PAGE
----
Feel that heat? It was still technically winter a few short weeks ago, and just like that it’s almost summer. That means it’s time to get out there and get your yard in tip-top shape—after all, lawns are supposed to be verdant examples of ecological splendor. But harsh chemicals, wasteful watering habits, and poor land management can all contribute to environmental decline, even in these natural sanctuaries. These tips will help you turn your backyard into an eco-paradise—and get your space all set for summer growing. Be sure to consult your board, manager, or governing documents if you're unsure about whether any of these items are allowed in your community.
Mulch the Environmentally Friendly Way
Mulching a garden helps root out weeds, protects plants from extreme temperatures, and reduces soil compaction. But buying it also increases logging in local wooded areas, further shrinking already at-risk forest areas. Green mulch is the answer—and you don’t have to look far to get it. Fallen leaves, dry pine needles, peanut shells, and even coffee grounds all make good alternatives to store-bought mulch. If none of those are readily available, grass clippings can also do the job. However, if you really like the look of traditional hardwood mulch and can’t see your garden without it, try to look for products labeled “bark mulch”—the majority of the material comes from tree bark, rather than felled wood.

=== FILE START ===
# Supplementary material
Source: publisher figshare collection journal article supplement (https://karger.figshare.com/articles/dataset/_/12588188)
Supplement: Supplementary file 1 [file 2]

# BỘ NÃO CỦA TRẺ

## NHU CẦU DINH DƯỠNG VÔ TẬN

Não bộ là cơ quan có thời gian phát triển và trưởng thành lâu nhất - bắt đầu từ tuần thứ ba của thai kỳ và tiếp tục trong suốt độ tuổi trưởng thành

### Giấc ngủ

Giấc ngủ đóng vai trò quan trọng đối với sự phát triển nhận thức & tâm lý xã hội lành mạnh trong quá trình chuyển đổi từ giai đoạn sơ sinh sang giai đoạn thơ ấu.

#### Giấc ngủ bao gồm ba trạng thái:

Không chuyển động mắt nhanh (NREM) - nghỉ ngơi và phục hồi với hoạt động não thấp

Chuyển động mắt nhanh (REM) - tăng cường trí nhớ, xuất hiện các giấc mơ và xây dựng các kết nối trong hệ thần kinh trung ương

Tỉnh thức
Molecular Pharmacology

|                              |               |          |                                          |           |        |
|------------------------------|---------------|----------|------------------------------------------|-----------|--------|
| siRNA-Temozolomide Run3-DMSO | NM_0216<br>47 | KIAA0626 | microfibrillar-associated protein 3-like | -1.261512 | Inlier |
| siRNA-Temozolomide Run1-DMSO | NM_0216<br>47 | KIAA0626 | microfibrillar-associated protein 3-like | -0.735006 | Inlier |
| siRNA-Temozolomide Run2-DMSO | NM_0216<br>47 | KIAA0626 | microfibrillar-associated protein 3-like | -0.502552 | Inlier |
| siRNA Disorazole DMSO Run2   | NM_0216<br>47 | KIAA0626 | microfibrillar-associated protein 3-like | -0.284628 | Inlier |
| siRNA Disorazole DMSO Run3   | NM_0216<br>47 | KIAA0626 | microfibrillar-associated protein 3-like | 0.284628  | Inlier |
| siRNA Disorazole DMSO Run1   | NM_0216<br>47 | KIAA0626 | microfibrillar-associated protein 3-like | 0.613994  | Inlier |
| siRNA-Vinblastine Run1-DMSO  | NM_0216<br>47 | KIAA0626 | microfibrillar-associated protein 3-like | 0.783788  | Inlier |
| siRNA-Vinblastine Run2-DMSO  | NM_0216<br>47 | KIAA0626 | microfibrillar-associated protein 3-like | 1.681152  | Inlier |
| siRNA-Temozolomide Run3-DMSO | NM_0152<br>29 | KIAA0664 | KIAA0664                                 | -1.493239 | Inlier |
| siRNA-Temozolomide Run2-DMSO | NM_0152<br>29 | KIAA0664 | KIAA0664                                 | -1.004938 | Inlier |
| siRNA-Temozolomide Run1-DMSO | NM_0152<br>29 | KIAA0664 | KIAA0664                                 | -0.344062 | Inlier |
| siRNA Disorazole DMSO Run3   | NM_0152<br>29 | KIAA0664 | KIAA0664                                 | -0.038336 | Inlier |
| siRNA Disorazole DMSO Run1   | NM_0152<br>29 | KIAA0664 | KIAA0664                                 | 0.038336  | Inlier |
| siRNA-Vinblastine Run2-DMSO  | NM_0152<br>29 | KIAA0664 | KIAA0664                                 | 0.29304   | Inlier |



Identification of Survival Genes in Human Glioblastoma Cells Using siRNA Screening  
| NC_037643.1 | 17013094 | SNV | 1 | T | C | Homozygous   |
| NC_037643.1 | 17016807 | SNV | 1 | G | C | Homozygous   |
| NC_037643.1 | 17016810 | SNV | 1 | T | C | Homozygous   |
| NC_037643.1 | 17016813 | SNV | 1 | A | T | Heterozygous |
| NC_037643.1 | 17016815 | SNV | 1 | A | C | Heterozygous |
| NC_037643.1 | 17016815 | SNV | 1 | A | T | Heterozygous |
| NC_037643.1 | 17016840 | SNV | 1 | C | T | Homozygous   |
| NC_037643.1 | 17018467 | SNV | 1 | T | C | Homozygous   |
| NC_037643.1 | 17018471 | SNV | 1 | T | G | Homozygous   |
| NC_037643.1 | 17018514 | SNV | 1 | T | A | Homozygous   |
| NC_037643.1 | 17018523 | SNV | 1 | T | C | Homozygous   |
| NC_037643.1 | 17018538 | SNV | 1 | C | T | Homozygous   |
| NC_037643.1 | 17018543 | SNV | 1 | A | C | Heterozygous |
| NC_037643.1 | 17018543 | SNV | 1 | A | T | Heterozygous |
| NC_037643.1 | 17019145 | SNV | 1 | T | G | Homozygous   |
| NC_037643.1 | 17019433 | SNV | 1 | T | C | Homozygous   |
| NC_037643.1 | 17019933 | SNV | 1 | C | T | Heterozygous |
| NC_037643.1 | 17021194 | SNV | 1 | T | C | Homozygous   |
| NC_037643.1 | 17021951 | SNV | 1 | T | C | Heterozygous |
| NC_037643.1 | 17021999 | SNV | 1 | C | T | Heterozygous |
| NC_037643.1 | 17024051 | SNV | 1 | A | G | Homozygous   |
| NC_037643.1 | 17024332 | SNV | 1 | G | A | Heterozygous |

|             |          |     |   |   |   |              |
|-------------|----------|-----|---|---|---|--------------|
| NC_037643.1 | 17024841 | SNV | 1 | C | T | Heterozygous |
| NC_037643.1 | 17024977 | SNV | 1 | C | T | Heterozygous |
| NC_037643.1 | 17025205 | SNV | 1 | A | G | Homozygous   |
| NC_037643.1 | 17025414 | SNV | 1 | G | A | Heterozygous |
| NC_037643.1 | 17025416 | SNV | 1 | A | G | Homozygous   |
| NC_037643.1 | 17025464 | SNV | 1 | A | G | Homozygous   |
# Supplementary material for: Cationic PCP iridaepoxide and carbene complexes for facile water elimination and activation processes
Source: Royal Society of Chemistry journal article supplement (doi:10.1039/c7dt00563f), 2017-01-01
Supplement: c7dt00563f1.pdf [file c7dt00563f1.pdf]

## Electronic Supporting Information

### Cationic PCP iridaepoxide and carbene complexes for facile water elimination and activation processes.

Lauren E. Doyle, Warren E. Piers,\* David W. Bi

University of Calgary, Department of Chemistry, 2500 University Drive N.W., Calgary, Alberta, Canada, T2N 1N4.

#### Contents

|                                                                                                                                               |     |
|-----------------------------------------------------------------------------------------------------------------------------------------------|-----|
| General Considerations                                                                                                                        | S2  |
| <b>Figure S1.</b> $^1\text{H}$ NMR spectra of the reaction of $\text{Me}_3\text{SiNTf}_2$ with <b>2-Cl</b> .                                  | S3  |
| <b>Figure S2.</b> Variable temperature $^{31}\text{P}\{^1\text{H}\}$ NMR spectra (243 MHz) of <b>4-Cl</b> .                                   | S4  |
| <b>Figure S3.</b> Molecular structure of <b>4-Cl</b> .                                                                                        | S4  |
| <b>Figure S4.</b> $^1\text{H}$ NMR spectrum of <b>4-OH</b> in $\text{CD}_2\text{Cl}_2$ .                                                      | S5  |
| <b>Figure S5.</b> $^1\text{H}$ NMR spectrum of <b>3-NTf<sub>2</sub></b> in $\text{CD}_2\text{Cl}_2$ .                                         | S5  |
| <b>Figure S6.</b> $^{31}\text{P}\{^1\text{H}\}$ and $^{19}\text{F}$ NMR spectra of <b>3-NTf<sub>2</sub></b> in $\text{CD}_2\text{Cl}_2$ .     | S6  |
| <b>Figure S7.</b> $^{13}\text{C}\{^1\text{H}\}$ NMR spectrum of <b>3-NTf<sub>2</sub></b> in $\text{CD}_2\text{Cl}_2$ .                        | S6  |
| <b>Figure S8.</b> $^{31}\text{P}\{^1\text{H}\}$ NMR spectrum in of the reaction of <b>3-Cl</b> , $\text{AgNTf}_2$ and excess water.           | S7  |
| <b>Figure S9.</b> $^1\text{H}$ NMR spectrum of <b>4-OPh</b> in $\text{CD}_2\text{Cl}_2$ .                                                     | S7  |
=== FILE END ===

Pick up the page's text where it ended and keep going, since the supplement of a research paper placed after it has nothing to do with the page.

Ward off Pests with Green Alternatives
Before there were dangerous chemical pesticides, farmers used their knowledge of local flora to keep bugs off their beds. They planted known pest deterrents, like marigolds, near gardens to keep soil pests and flying insects at bay. Or they unleashed the power of birds—a bird feeder placed nearby can attract fowl that will help you conquer snails, slugs, grubs, and caterpillars. Or make your own, safer pesticide: water mixed with hot pepper or soap does quite well.
Install a Rainwater Barrel
You know what they say about April showers. And never does the saying ring more true than when you use a rainwater barrel to harvest water for your garden and lawn. With many parts of the country experiencing dangerous drought conditions, the pressure is on growers to keep their water footprints low, and collecting rainwater is one of the smartest ways to do it. Of course, standing water will attract mosquitoes, but you can get a pest-preventing boost by planting citronella around the base of the barrel.
Consider Alternatives to Traditional Lawns
A lush carpet of green grass looks nice, sure. But irrigating that lawn comes at a heavy price for your local water supply. In fact, we use a national average of 9 billion gallons of water a day just to keep those thirsty yards looking nice. Instead of sowing another sprinkling of ryegrass, consider switching up your yard for a more eco-friendly option. If your lawn is small, turn the whole thing into one large garden bed, planted with native species. If you have more ground to cover, herbs like yarrow or ground covers like salvia do a wonderful job transforming your land without looking ragged. Or, consider hardscaping—laying down rocks, pebbles and stones in beds for a cool alternative look.
Install a Retaining Wall
When we dig up the earth for a garden or bed, we increase the chance that loose soil will get carried off by a hard rain, contributing to soil erosion. Stop soil runoff by installing a natural, dry-stacked retaining wall—stone siding is a perfect choice for a rustic look. After selecting your location, make sure to dig down in the area and pack with gravel first, then start placing the stones, as this will fortify the wall. And if you want to give the Earth an extra boost, try using reclaimed concrete pieces, instead of freshly quarried stone. These can be scavenged from demolition sites, which means one less thing going into the landfill—and one more way you can save the environment right in your backyard.